Best Practices, Innovation

What the Heck are Patent Maintenance Fees?

Joshua Stackhouse

June 17, 2024

What the Heck are Patent Maintenance Fees?

“Maintenance fees,” “renewals,” and “annuities”

Your patent was approved! Congratulations! Now there’s nothing left to do but enjoy a government-mandated monopoly on your innovation for a whole twenty years, right?

Well, no.

Unfortunately, unless you want your patent to expire early, you are on the hook to pay some pesky fees to the government called “maintenance fees.” These fees come at regular intervals throughout a patent’s lifetime and, in theory, ensure that patent owners are actually applying their patents in the marketplace.

In virtually all major jurisdictions across the globe —From the US to the EU to China to Japan — the maximum term for a patent is 20 years. However, for the patent to remain in effect for its full term, the patent owner (or manager) must regularly pay what are called “maintenance fees” which are colloquially also referred to as “renewals” or “annuities” within the intellectual property (IP) industry.

How often do I need to pay these maintenance fees?

Jurisdictions vary on when in a patent’s lifetime these fees will be applied. For instance, while many jurisdictions require payments annually, the US has an oddly irregular schedule, requiring the first maintenance fee to be paid 3.5 years after the patent is granted; the second is due 7.5 years from the date of approval; and the third is due 11.5 years from the date of grant of the patent at which point the patent remains in effect until its full term!

Another variation is the anchor date from which the fee schedule is calculated. As previously mentioned, the United States only begins requiring maintenance payments once a patent is approved. However, the European Patent Office, conversely, begins charging maintenance fees before your patent is granted, based on the filing date rather than the grant date — and maintenance fees only begin to be applied in the third year.

How much do these maintenance fees cost?

Unsurprisingly, maintenance fee costs vary from jurisdiction to jurisdiction. One commonality across jurisdictions, however, is that maintenance fee structures tend to increase in cost the longer the patent is in effect. In other words, the fee for renewing a patent for the fifth year, will almost always be significantly lower than the fee for renewing a patent for the fifteenth year.

Jurisdictions may also have other factors that contribute to how a maintenance fee is calculated. For example, in Japan and South Korea, the amount due for a given renewal is affected by the number of claims asserted within the patent (with more claims increasing the cost). In the US and Canada, the size of the organization controlling the patent dramatically effects the cost (significantly lower fees are charged to “small” or “micro” entities).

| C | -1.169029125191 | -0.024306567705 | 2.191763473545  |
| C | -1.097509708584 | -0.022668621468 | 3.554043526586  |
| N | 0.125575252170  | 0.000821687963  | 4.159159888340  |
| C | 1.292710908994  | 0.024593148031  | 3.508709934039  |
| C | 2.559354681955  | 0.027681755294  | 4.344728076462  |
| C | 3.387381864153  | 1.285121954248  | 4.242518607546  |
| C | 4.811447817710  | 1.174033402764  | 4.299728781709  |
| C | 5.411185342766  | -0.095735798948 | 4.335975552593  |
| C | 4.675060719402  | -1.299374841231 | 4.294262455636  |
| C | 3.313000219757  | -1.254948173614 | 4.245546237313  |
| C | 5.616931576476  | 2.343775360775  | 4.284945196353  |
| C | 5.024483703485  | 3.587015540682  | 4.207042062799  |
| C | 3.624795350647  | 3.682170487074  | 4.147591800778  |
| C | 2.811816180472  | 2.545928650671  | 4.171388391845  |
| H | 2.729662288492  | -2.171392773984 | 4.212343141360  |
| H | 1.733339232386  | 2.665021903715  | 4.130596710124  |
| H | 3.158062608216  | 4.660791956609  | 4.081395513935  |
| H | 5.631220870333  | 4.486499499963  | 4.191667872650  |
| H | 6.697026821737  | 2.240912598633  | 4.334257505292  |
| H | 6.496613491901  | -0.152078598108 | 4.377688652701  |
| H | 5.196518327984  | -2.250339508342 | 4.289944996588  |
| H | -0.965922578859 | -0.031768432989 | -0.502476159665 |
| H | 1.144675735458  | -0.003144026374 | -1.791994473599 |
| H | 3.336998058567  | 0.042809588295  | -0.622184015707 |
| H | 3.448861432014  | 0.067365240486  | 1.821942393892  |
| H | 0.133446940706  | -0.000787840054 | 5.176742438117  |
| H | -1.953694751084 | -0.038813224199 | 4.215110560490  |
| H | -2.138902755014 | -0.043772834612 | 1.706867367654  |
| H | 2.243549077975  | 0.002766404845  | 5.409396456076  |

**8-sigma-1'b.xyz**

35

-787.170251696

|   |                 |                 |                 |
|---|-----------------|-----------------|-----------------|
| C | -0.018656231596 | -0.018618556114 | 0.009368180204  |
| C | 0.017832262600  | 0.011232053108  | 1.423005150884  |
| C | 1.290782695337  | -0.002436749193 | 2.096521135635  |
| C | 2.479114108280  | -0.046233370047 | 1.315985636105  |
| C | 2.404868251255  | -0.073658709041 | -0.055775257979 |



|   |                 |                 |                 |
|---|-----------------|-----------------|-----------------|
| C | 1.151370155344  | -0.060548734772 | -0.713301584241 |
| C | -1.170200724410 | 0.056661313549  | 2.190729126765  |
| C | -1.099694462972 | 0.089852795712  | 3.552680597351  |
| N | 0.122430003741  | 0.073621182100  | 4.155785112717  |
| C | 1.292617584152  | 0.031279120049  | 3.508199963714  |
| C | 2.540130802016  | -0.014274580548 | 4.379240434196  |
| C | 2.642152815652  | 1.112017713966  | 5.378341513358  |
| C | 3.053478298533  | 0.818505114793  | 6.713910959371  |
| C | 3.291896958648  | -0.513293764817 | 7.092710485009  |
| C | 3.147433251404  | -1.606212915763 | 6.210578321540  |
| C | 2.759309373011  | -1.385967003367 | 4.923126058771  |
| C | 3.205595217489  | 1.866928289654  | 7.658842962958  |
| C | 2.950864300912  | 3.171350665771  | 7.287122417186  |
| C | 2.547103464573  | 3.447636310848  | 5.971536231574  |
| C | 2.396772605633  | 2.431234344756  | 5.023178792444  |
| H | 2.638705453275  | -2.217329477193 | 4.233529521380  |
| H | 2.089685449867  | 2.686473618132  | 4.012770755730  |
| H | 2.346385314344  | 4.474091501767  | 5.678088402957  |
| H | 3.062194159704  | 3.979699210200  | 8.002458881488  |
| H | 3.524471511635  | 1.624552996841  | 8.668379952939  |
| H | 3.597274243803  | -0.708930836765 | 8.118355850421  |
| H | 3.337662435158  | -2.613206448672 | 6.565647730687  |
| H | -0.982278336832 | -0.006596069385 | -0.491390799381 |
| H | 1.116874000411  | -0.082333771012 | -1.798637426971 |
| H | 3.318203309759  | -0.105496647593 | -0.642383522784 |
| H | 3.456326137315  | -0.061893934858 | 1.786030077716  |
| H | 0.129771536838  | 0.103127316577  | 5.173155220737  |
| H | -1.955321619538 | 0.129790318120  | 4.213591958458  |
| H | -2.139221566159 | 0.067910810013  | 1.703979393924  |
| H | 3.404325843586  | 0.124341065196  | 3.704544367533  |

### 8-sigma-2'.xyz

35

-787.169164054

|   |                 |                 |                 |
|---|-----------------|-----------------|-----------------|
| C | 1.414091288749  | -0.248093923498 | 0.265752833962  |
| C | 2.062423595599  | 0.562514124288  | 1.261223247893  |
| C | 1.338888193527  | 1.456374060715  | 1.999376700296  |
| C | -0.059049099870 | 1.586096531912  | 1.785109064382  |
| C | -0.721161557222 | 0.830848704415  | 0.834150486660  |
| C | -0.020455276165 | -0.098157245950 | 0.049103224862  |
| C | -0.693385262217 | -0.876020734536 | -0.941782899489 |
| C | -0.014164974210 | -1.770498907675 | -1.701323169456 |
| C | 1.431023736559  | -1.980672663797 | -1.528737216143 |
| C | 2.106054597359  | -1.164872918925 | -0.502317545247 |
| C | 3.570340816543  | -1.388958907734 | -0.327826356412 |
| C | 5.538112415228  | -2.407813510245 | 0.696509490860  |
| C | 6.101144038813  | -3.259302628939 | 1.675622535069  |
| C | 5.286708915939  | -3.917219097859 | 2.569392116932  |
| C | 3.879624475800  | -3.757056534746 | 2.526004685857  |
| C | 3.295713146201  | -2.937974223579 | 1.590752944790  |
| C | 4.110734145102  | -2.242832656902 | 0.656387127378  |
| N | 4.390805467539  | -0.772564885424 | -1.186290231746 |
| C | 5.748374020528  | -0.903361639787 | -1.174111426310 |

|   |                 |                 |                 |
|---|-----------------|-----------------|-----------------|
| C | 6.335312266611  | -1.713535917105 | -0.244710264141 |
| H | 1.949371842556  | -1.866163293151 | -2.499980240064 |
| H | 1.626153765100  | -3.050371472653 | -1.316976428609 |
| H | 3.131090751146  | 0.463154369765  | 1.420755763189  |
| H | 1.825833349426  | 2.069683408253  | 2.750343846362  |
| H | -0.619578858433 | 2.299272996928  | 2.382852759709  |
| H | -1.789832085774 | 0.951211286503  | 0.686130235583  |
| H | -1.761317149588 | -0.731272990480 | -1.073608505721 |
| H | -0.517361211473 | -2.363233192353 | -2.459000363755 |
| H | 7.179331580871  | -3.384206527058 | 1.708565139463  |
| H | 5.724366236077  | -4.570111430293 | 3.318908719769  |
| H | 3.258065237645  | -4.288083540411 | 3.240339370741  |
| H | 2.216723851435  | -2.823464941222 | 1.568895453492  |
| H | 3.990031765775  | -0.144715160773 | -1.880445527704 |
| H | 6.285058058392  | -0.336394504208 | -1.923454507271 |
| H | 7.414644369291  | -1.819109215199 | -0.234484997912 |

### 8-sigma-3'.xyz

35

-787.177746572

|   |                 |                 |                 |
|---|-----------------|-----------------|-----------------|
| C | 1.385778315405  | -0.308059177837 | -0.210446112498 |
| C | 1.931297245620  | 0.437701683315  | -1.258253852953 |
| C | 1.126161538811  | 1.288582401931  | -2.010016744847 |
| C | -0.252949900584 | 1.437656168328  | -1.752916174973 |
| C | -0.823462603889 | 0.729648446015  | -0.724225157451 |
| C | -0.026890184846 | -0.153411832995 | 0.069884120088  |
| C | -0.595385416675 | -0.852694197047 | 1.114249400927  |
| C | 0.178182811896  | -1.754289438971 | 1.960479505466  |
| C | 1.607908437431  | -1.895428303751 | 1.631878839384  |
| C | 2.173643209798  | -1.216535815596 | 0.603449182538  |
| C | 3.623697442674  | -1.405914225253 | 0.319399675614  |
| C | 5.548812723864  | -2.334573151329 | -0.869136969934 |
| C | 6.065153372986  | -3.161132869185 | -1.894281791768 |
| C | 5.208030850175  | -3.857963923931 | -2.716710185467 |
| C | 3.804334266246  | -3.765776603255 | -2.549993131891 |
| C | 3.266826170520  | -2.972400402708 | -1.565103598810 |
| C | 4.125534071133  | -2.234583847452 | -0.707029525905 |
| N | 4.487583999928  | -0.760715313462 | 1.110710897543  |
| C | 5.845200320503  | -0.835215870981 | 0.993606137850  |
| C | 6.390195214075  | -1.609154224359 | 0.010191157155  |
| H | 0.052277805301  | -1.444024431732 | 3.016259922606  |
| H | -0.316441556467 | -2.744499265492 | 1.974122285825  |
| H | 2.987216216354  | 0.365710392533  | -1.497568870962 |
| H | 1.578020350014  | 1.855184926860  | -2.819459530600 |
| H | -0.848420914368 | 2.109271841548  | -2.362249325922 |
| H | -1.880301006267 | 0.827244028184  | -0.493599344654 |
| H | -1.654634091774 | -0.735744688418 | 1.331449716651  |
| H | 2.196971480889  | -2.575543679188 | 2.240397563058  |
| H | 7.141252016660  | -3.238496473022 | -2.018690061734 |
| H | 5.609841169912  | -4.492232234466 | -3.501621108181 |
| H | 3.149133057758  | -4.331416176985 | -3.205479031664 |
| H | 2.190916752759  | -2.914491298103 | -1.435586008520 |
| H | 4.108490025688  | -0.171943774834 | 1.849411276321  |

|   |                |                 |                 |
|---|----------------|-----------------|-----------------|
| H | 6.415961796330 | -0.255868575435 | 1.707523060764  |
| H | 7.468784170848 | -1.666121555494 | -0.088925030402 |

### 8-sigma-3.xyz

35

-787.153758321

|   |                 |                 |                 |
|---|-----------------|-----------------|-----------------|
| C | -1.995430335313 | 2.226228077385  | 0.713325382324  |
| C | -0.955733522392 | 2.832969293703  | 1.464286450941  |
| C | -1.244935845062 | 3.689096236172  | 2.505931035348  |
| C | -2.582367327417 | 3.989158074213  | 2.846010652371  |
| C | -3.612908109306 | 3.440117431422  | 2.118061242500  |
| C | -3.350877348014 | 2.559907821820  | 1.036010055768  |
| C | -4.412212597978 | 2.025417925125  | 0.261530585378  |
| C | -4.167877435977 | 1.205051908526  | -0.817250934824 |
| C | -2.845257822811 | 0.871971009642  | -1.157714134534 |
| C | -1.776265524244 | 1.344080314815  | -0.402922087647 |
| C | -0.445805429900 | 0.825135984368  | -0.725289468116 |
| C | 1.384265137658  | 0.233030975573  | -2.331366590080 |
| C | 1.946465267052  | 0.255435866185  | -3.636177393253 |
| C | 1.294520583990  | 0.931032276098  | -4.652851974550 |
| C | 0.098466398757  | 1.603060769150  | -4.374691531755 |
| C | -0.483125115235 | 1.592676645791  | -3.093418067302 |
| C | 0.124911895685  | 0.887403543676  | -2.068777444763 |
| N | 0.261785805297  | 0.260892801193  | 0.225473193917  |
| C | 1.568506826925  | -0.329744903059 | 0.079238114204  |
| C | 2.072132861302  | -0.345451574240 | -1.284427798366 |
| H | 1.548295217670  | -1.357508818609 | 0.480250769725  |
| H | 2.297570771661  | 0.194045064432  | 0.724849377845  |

Do I have to pay them right on the deadline or is there a window? What happens if I miss the due date?

Generally speaking, jurisdictions will accept maintenance fee payments for a window of time prior to the due date. If a patent owner fails to pay the maintenance fee by the due date, there is usually a window after the due date (called a “grace period”) that a jurisdiction will still accept payments. However, in such cases, there is usually an additional late fee attached. If the patent owner fails to pay the appropriate maintenance fee within the grace period, then the patent lapses. In some limited cases, it is possible to apply to have the patent reinstated but that is often a long, complicated, — expensive — process.

I don’t want to have to worry about due dates. Can I pay these fees in advance?

In many jurisdictions — but not all — patent owners are able to pay maintenance fees in advance. In fact, there are some strategic benefits (beyond simple piece of mind) to paying maintenance fees in advance. Most commonly, this is to take advantage of a favorable exchange rate between two currencies. However, as mentioned, not all jurisdictions permit patent owners to pay maintenance fees in advance. For example, Canada does allow patent owners to pay maintenance fees in advance, whereas the US does not.

I don’t think you heard me. I really don’t want to worry about due dates. What else can I do to avoid the headache of keeping track of so many fees due on different days?

That is where our company comes in. Hexos IP Renewals is a company that will take care of your IP portfolio, track all the maintenance payments due globally, and send you a quarterly bill in advance of upcoming fees. There are many companies that offer similar services, and we recommend shopping around for the fit that will work best for you and your organization. If you decide to shop around for a renewals provider, you can use this handy list of questions as you evaluate!


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